SACRAMENTO, Calif. (CN) — Governor Gavin Newsom has signed a one-of-a-kind labor bill giving the state's 550,000 fast food workers a seat at the table and bargaining power. Enacted on Labor Day, the Fast Food Standards and Accountability Recovery Act goes beyond unionizing and into government regulation.
Assembly Bill 257 creates a 10-member labor council made up of government officials, franchise owners, store owners and employees. The law requires the council to review wages, safety, health and employment standards at least every three years. Employees are now protected from retaliation and discrimination and have a voice in minimum wages and maximum hours. The bill caps the minimum wage at $22 through 2023.
"California is committed to ensuring that the men and women who have helped build our world-class economy are able to share in the state's prosperity," said Newsom in a statement. "Today's action gives hardworking fast-food workers a stronger voice and seat at the table to set fair wages and critical health and safety standards across the industry."
Workers have been fighting for higher wages and speaking out against sexual harassment, racism and unsafe working conditions. Over 300 walk-out strikes across the state have taken place since Assemblymember Chris Holden, a Pasadena Democrat, introduced AB 257 almost two years ago. The protests were aided by Fight for 15 and the Service Employees International Union.
At a strike in the Sacramento suburb of Folsom in November 2021, workers walked out of a Jack in the Box and protested in the drive-thru lane. The strike came after managers threatened to call Immigration and Customs Enforcement on the employees if they didn't continue to work after clocking out and made comments that the female employees were "on menopause" after they requested the store air conditioning to be fixed during heat waves. Workers told stories of the conditions they faced, including a Burger King employee who was told to put mustard on a fryer burn injury since the store had no first-aid supplies.
The bill has been heavily opposed by franchise owners, fast food companies and the California Restaurant Association. A movement dubbed Stop AB 257 has been fighting to squash the bill, arguing it is the "wrong time" for businesses to have higher operating costs. In addition, the group states that the labor council will hurt small businesses the most, despite the law only applying to chains with over 100 locations.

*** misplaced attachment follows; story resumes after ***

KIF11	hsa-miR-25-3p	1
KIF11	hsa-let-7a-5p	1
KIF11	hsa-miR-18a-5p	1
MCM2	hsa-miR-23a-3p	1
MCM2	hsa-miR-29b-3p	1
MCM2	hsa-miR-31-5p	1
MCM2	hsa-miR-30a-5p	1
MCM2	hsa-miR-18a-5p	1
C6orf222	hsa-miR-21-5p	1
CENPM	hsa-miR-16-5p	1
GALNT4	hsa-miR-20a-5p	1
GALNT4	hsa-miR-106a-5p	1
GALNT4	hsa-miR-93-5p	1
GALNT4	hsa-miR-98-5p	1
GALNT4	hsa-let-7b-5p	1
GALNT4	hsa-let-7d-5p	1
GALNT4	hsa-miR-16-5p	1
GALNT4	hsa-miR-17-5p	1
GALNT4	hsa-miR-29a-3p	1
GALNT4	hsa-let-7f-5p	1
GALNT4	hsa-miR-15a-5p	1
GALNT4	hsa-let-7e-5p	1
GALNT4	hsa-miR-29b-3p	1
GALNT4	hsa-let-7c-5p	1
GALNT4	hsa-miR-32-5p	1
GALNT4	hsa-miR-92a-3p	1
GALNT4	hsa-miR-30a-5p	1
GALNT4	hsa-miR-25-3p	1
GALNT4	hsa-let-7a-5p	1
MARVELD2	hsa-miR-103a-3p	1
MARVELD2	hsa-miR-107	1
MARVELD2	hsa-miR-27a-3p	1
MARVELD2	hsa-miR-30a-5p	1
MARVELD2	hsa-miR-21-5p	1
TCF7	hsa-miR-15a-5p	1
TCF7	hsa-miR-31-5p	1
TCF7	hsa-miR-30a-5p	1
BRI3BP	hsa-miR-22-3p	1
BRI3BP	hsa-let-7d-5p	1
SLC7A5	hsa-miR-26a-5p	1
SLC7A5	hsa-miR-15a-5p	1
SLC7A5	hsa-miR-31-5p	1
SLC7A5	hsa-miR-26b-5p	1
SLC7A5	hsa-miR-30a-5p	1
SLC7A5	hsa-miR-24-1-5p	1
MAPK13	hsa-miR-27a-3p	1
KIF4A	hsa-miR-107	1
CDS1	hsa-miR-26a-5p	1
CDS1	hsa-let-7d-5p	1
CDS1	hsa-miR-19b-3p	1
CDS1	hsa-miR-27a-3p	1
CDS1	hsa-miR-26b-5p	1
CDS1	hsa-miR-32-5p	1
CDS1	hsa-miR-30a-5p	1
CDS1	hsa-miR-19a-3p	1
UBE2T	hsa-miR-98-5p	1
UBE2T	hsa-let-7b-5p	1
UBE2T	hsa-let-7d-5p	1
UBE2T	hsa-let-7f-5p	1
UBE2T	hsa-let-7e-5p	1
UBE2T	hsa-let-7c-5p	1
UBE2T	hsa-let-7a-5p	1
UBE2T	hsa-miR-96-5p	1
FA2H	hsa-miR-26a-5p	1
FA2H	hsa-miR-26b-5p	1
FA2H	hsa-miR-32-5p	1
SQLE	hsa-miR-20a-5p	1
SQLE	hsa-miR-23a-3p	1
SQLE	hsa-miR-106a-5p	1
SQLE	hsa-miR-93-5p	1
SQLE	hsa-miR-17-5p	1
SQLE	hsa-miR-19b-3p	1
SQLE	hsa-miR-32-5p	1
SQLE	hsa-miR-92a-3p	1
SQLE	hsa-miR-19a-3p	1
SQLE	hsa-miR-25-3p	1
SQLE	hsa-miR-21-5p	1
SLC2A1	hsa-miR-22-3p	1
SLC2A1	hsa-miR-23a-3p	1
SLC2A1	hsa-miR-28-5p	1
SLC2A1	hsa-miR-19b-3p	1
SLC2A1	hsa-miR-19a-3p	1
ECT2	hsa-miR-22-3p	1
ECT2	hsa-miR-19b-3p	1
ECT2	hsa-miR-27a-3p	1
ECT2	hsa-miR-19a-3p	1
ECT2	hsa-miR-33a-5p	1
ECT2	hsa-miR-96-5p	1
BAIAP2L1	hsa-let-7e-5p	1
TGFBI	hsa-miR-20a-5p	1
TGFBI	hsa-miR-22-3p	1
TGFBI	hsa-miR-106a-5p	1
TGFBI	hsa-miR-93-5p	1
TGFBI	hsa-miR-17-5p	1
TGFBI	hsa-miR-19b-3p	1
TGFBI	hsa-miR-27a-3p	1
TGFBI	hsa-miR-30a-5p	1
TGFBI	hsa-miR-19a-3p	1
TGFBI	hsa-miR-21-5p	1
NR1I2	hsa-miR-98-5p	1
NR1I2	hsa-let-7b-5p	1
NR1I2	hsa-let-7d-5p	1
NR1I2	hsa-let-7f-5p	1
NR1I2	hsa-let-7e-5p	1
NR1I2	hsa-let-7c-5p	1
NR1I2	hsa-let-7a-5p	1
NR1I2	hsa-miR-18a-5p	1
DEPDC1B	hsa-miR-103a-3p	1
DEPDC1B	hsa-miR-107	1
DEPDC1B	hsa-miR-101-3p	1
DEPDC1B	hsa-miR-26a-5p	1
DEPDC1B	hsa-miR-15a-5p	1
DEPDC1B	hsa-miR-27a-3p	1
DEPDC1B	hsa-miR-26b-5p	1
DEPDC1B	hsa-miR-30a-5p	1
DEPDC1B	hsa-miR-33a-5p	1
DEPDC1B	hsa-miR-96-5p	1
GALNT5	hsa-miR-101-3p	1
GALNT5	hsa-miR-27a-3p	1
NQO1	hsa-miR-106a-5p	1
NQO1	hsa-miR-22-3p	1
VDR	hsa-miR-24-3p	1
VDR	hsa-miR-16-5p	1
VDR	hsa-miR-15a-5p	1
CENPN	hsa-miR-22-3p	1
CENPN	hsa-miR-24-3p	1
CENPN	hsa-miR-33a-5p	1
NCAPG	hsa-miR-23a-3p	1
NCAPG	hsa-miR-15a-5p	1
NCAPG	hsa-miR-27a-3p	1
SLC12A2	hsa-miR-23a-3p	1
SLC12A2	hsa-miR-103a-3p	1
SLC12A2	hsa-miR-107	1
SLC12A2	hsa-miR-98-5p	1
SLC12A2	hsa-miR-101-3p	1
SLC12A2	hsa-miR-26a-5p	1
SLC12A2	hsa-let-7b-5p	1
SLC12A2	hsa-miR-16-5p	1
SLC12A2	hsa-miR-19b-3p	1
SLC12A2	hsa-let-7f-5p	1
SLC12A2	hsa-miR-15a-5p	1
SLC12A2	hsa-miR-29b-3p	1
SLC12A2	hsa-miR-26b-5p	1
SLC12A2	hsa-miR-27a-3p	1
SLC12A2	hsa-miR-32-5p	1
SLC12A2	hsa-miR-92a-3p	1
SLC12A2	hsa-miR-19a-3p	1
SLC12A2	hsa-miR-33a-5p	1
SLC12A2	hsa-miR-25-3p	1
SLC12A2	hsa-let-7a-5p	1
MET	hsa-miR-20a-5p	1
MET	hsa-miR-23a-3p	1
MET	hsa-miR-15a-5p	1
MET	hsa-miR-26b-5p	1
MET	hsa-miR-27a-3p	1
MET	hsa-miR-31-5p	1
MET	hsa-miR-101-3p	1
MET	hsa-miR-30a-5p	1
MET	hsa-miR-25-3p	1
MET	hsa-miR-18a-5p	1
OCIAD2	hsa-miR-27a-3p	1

"Economists say it could drive up the cost of eating at a quick service restaurant in California by 20% at a time when Americans already face soaring costs in supermarkets and at gas pumps. California is my birth state and it's hard to watch it earn its reputation for driving businesses out of the state," said McDonald's President Joe Erlinger in an open letter.
Erlinger added the law should "raise alarm bells" across the country and called it "lopsided, hypocritical, and ill-considered," but said he welcomes productive dialogue and legislation that raises wages and improves safety in the workplace.
Holden said he is proud of the work and effort that has made AB 257 possible as a former Subway franchisee and said the bill levels the playing field and promotes "industry-wide collaboration."
"Ten years after 200 fast-food workers walked off the job in New York City and galvanized an international movement of workers demanding $15/hr and union rights, the passage of AB 257 is the most significant advance in workers' fight for fairness on the job in a generation," said Mary Kay Henry, president of the Service Employees International Union in a statement.
Unions, labor advocacy groups, workers, and elected officials have taken to Twitter to show their support for the new law.
"If you see me crying today it's (because) I'm completely filled with joy. 550k+ fast food workers finally got their seat at the table to set their working conditions," wrote SEIU California executive drector Tia Orr on Twitter. "Did you feel that? #AB257 is the power of collective action. Thanks to my brother @ChrisHoldenNews, we're rewriting outdated, racist and sexist labor laws that shut these workers out. NOT ANYMORE," said another one of Orr's tweets.
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